Wednesday, April 14, 2021

Our duty and our joy, at all times and in all places


Something quite marvellous is happening across the UK this spring. At nine o’clock on Sunday evenings, an estimated nine million of us are sitting down in front of LineOf Duty—and revisiting it at the water cooler on Monday morning.

Not literally, of course. Anyone who is employed in the kind of workplace that has a water cooler is still working from home. But Line Of Duty is a prime example of the water cooler phenomenon, that shared experience so powerful it spills over into our everyday lives. Thanks to social media we don’t need to wait until Monday morning, we don’t need to wait at all. On the other hand, we are made to wait a full week for the story to be carried on. This feels almost counter-intuitive at a time when so many of us have turned to streaming on demand to get through lockdown (Jo and I watched all eight series of French drama Spiral between Christmas and Easter). And yet that water cooler phenomenon relies on it, on a necessary mass of us watching this together in time, even if others will be catching up later.

In a world of engaging at our own convenience, we are reminded of our need for a collective experience—and one with drama, and a good measure of confounding mystery, and a cliff-hanger to boot.

There is much to reflect on here, as one called to curate the things, the good news, of God—to present the gospel afresh in each generation, within and beyond the Church:

the joy of shared familiar liturgy (in the case of LOD, technical policing terms in general, and Ted Hastings’ Ted-isms in particular);

an appreciation that not knowing what is going on, indeed not having a clue, is not necessarily a barrier but can in fact be a positive, where we are drawn deeper into mystery;

the central importance to our wellbeing of experience shared in time with other people;

a forensic attention to our motivations and behaviour, with brutal honesty and some wisdom as to how much to share with whom;

the kind of conclusion to our shared hour that propels us back out into the world wondering how things will unfold, and buzzing with our thoughts, our personal investment, to share.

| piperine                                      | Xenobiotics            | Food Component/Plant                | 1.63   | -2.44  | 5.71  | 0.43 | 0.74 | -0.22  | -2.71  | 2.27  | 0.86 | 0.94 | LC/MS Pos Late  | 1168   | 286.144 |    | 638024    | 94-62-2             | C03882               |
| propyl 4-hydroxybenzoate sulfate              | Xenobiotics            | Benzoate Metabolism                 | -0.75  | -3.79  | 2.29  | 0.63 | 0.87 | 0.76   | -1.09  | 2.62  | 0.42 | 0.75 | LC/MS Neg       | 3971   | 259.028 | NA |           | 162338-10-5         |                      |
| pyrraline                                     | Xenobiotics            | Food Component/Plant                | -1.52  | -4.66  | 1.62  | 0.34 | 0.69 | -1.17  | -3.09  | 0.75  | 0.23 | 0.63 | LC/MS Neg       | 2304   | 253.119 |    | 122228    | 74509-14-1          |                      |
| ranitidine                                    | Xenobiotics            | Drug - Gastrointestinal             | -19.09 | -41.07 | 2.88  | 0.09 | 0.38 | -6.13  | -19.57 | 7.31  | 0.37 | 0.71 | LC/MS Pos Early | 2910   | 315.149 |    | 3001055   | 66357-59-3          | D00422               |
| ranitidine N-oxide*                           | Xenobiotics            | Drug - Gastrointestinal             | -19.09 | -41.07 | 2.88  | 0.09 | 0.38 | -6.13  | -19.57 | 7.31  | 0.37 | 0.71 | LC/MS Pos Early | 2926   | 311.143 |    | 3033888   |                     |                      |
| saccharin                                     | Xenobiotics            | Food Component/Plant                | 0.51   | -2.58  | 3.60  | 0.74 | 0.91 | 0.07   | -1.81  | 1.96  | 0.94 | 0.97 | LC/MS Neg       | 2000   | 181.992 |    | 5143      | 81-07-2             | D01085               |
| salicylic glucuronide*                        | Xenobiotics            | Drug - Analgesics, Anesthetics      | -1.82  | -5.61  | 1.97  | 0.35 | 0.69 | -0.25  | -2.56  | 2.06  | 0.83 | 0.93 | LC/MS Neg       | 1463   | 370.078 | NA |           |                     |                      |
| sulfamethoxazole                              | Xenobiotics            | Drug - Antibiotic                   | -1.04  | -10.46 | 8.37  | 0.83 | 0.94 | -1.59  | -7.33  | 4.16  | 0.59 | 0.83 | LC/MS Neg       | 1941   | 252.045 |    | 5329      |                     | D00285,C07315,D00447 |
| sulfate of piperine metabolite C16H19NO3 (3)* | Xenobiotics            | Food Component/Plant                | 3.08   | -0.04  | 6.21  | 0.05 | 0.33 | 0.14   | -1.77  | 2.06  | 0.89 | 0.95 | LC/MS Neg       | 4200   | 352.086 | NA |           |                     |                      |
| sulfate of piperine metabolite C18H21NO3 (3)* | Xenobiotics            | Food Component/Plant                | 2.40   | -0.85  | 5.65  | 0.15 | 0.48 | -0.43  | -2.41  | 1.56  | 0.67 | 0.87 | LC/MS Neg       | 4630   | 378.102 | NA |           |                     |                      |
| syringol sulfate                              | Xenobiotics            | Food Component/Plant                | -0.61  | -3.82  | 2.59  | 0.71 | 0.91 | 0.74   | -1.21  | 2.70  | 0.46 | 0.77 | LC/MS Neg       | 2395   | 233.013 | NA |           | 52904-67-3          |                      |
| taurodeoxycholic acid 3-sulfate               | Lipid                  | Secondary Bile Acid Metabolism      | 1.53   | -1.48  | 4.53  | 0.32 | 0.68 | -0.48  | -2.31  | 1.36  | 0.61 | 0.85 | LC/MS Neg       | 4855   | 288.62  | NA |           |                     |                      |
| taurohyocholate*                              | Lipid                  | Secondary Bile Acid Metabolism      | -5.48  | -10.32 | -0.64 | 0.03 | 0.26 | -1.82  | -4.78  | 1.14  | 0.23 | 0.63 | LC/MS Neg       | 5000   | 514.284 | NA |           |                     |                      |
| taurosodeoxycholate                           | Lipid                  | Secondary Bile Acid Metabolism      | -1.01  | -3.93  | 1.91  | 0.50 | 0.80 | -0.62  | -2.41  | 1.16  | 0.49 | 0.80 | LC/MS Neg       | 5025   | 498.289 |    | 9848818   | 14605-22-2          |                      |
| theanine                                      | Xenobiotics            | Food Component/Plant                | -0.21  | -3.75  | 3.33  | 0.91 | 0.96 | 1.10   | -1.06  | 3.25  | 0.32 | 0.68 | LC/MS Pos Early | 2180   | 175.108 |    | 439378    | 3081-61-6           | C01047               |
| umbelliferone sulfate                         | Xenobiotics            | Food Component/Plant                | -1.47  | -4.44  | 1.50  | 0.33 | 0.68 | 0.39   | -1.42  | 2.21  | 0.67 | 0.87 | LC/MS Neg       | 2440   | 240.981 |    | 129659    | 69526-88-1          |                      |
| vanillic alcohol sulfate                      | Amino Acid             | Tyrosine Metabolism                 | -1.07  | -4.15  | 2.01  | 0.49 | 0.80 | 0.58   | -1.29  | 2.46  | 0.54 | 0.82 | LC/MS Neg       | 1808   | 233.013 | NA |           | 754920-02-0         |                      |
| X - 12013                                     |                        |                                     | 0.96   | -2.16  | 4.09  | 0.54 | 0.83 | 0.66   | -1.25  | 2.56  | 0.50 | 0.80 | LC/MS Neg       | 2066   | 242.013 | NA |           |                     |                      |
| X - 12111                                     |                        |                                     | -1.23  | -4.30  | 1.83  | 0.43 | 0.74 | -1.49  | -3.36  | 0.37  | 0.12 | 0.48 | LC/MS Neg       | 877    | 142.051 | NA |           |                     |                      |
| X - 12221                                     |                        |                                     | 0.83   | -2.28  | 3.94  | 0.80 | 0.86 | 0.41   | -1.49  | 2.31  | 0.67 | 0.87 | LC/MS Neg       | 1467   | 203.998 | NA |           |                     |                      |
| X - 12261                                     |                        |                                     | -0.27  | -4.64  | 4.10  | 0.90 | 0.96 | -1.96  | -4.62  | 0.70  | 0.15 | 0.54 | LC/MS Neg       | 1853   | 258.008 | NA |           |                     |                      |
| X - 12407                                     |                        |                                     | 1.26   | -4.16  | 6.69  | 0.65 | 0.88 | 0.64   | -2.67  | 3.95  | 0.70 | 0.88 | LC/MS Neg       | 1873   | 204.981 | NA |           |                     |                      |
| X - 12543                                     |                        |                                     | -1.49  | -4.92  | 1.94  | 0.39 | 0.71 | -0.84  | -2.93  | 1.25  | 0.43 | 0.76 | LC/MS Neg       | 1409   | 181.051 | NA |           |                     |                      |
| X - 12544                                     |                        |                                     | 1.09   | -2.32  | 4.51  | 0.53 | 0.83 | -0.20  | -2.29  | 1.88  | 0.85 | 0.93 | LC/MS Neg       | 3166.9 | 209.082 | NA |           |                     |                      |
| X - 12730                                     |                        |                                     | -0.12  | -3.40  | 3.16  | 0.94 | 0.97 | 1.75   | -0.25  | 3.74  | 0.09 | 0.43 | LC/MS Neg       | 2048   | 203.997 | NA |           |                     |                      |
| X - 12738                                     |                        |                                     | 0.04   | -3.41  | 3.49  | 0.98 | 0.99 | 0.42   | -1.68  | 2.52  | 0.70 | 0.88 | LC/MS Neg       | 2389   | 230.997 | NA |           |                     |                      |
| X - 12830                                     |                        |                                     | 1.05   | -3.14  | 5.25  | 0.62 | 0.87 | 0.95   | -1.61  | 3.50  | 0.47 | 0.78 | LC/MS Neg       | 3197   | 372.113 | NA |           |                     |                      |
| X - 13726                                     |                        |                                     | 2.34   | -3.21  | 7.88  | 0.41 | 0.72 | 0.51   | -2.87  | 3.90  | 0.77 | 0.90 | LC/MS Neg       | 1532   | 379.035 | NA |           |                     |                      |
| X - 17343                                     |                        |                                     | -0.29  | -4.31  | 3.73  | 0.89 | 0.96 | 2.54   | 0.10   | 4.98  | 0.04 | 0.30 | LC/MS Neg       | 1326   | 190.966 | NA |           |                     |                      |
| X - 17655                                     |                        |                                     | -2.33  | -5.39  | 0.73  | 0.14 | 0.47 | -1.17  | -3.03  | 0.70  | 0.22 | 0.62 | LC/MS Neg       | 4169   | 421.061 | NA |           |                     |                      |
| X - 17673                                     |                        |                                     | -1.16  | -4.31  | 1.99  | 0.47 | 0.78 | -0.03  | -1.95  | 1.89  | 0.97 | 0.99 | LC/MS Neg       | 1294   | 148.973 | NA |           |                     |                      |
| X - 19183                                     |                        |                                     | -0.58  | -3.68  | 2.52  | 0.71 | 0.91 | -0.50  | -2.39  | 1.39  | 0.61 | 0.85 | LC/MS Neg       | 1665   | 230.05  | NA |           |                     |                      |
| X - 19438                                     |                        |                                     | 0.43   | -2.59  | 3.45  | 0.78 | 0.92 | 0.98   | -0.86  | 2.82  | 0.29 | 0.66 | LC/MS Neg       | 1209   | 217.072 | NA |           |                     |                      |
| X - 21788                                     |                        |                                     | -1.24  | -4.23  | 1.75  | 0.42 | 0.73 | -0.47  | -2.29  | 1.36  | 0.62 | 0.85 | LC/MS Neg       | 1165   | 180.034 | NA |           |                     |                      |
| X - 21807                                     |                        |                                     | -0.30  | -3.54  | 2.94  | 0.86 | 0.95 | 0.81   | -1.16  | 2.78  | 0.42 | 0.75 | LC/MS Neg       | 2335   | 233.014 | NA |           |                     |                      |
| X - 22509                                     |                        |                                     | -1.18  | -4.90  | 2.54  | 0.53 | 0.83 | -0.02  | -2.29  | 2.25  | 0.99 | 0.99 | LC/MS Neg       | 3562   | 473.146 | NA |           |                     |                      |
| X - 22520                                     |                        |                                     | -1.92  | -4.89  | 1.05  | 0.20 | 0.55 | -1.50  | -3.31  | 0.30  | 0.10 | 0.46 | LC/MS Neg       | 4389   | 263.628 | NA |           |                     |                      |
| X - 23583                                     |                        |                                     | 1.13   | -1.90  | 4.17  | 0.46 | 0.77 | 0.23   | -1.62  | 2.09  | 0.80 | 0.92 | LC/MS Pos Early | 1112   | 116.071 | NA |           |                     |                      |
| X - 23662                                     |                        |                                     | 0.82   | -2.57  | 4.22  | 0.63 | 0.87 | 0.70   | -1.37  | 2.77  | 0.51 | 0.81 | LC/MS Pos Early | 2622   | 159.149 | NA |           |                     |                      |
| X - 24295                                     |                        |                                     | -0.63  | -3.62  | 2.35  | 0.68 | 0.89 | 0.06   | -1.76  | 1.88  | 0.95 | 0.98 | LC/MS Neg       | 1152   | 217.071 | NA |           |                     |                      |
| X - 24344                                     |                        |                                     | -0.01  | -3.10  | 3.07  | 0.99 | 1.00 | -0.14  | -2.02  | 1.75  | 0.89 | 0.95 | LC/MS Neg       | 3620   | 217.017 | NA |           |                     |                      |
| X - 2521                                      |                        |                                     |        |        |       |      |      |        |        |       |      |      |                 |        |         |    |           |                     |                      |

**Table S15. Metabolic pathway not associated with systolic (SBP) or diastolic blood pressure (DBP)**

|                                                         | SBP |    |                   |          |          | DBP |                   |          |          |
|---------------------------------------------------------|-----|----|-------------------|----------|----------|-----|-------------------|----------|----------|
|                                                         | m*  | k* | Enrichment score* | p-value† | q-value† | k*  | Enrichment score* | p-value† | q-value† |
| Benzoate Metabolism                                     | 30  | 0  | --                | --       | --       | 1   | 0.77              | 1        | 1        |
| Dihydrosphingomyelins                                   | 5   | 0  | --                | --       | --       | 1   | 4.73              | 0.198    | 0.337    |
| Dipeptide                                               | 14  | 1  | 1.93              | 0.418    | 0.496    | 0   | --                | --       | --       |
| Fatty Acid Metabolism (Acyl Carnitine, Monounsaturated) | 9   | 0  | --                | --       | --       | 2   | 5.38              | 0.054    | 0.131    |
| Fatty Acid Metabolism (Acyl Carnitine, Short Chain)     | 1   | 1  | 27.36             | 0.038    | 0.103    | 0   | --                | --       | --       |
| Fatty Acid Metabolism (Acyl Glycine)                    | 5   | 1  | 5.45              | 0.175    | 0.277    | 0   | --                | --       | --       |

It is not that church (or, more significantly, the gospel) is, or ought to be, like watching Line Of Duty. It is not that those who like LOD might like church. It is simply that those who believe in something greater than the welcome distraction of a good tv drama might have more questions to ponder than easy answers. Something quite marvellous is happening across the UK this spring. Those with eyes to see, take note.


Thursday, April 01, 2021

Five crosses

That piece of church furniture we call the altar—the table at which we make our memorial of Jesus’ offering up of himself once for all, and, in response, offer up our own sacrifice of thanks and praise—is marked by five crosses, one in each of the four corners and one at the centre-point, recalling the five wounds of Christ on the cross: the nail-piercing of his wrists and ankles, and the spear thrust up through his ribs to burst open his heart.

For most of the year, these crosses are covered by a fine linen cloth, but on Maundy Thursday we strip the altars bare, exposing them until the altar is made ready again to celebrate on Easter Sunday.

This photo is of the stripped altar in the Lady Chapel at St Nicholas’. I love its elegant, elongated form.

These crosses, beautifully tactile, usually hidden from view, are just about my favourite piece of symbolism in the symbol-rich Christ-shaped imagination of the Church. Our hands, our feet, our heart, none of which escape wounding, are to be conformed to his likeness. What we do, where we go, and what motivates us, not for our glory but, for the most part hidden, one with him. Our mandate, to love one another, as he has loved.